“Harry Potter” producer David Heyman may have moved into television (his latest series, “Clickbait,” is streaming now on Netflix) but he is, at heart, a cinephile. Which means the last 18 months — a blessing for streamers and a disaster for exhibitors — have left him in a difficult position.

“I’m someone who loves the cinema, and I am concerned,” Heyman told Variety during an interview for “Clickbait,” which was produced by Heyday Television, the company he co-owns with NBCUniversal International Studios. “I think it’s really important that we make films for the cinema as well as for the small screen.”

Under his Heyday Films banner, the veteran producer has overseen an eclectic cornucopia of commercial and critical successes, including “Once Upon a Time… in Hollywood,” “Paddington” and “Marriage Story.” When asked whether cinema is dead, he answered with an emphatic “No!”

But with children between the ages of 13 and 36, Heyman is “acutely aware” that viewing habits have changed. “Having had the experience of lockdown, having become used to watching things at home, [getting people to go to the movie theater] is undeniably more of a challenge than it has been. But I believe in the cinema-going experience, and I will continue to make films that aspire to that.”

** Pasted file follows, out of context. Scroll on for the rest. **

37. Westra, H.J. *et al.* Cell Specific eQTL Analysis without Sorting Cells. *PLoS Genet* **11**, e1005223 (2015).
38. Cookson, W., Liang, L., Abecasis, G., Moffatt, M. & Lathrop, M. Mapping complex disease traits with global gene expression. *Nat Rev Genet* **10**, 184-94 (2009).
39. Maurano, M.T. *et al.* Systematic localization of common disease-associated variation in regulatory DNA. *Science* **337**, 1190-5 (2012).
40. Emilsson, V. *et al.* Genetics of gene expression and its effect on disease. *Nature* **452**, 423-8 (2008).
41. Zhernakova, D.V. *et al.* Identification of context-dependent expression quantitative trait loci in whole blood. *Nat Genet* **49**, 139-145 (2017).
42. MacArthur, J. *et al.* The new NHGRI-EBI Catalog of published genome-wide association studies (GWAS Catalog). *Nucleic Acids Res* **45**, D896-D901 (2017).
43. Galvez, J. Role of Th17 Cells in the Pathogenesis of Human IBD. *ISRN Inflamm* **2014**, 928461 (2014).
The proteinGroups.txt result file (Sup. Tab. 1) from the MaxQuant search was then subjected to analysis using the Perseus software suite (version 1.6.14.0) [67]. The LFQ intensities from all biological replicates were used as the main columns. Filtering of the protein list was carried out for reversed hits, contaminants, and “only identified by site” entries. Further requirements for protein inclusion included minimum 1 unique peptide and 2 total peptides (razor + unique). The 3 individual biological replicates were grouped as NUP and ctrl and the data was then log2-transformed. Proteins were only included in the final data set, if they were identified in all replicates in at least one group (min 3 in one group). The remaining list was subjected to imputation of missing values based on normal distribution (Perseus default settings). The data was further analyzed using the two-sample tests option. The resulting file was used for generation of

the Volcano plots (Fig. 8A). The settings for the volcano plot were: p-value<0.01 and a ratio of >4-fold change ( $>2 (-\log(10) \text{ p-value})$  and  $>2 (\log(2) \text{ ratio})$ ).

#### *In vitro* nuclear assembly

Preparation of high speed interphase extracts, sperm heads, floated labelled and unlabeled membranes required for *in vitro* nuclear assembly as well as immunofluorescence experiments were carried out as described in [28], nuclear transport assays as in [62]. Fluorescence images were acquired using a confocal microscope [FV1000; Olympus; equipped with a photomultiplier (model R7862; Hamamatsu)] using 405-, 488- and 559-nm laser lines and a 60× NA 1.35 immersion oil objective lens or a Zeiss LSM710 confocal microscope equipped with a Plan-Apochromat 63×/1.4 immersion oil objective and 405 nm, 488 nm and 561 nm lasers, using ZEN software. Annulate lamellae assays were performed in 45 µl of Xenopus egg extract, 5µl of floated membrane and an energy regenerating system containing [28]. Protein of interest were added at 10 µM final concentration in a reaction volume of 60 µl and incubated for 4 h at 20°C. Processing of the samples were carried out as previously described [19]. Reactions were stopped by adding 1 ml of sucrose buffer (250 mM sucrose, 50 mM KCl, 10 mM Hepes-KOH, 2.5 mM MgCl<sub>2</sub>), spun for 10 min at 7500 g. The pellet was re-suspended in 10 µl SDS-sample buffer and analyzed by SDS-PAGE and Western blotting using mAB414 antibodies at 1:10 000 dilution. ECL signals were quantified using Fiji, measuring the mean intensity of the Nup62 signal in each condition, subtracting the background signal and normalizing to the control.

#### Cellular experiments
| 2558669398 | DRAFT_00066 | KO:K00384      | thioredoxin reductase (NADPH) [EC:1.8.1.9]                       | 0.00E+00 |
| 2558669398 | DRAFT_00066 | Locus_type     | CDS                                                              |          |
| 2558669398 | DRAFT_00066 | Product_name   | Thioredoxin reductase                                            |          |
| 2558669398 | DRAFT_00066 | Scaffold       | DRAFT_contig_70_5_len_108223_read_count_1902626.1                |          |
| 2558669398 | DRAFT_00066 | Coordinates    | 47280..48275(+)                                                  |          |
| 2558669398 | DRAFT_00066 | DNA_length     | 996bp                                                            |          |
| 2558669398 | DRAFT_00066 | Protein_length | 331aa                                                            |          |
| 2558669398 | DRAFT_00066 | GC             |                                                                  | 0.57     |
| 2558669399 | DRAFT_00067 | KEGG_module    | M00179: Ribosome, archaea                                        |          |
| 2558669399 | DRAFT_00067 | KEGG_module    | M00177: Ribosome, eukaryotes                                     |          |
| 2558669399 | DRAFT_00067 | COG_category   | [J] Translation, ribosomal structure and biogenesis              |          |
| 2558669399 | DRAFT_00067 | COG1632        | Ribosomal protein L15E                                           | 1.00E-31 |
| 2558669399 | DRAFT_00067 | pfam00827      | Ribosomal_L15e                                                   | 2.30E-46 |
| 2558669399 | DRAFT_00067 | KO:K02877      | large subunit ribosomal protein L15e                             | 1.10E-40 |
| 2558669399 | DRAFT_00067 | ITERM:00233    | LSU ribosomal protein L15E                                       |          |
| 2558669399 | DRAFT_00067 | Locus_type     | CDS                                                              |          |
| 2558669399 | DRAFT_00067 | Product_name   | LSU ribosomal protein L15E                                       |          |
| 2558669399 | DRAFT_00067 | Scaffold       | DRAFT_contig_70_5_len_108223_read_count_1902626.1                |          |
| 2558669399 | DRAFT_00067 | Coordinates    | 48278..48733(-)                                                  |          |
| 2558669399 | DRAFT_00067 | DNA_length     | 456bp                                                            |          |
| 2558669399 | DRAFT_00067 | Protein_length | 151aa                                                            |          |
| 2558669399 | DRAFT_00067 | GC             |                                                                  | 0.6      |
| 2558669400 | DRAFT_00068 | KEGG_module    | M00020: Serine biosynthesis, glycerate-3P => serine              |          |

The solution, he believes, must come from all corners of the industry. “I do think we need financiers to support it. We need, you know, the Sonys, the Warner Brothers, the Universals, the Paramounts, the Disneys to make cinema for the big screen. We need talented filmmakers to make films that are undeniable.”

“And we need to make the experience thrilling,” he continued. “We need to make good content, because good content draws people to venues, whether it be film, whether it be the cinema or, you know the screen. It’s easier of course to go [to a] small screen because you don’t leave your home […] you can just [say], ‘Oh I don’t like this’ and you can switch over.”

He also cited the 45-day window (down from the previous 90 days) between theatrical and home release as another crucial factor in ensuring the longevity of cinema. “I think the day and date is problematic for the theatrical experience,” he said, although qualified that by adding: “I also think the two can coexist. You know, if you’re going to do day and date then charge a lot for the experience.”

Ultimately, of course, no one really knows what the future will hold. “The business has changed so much in the last year — in the last 3 years, in the last 5 years, in the last 10 — and I think that anybody who tells you it’s going to be this way, a year or two down the line, or three or four, I don’t think they know,” Heyman said.

“It’s like people who say, ‘I know what’s going to be a commercial hit.’ You don’t. You really don’t,” he said. “We won’t know until the next few years are up.”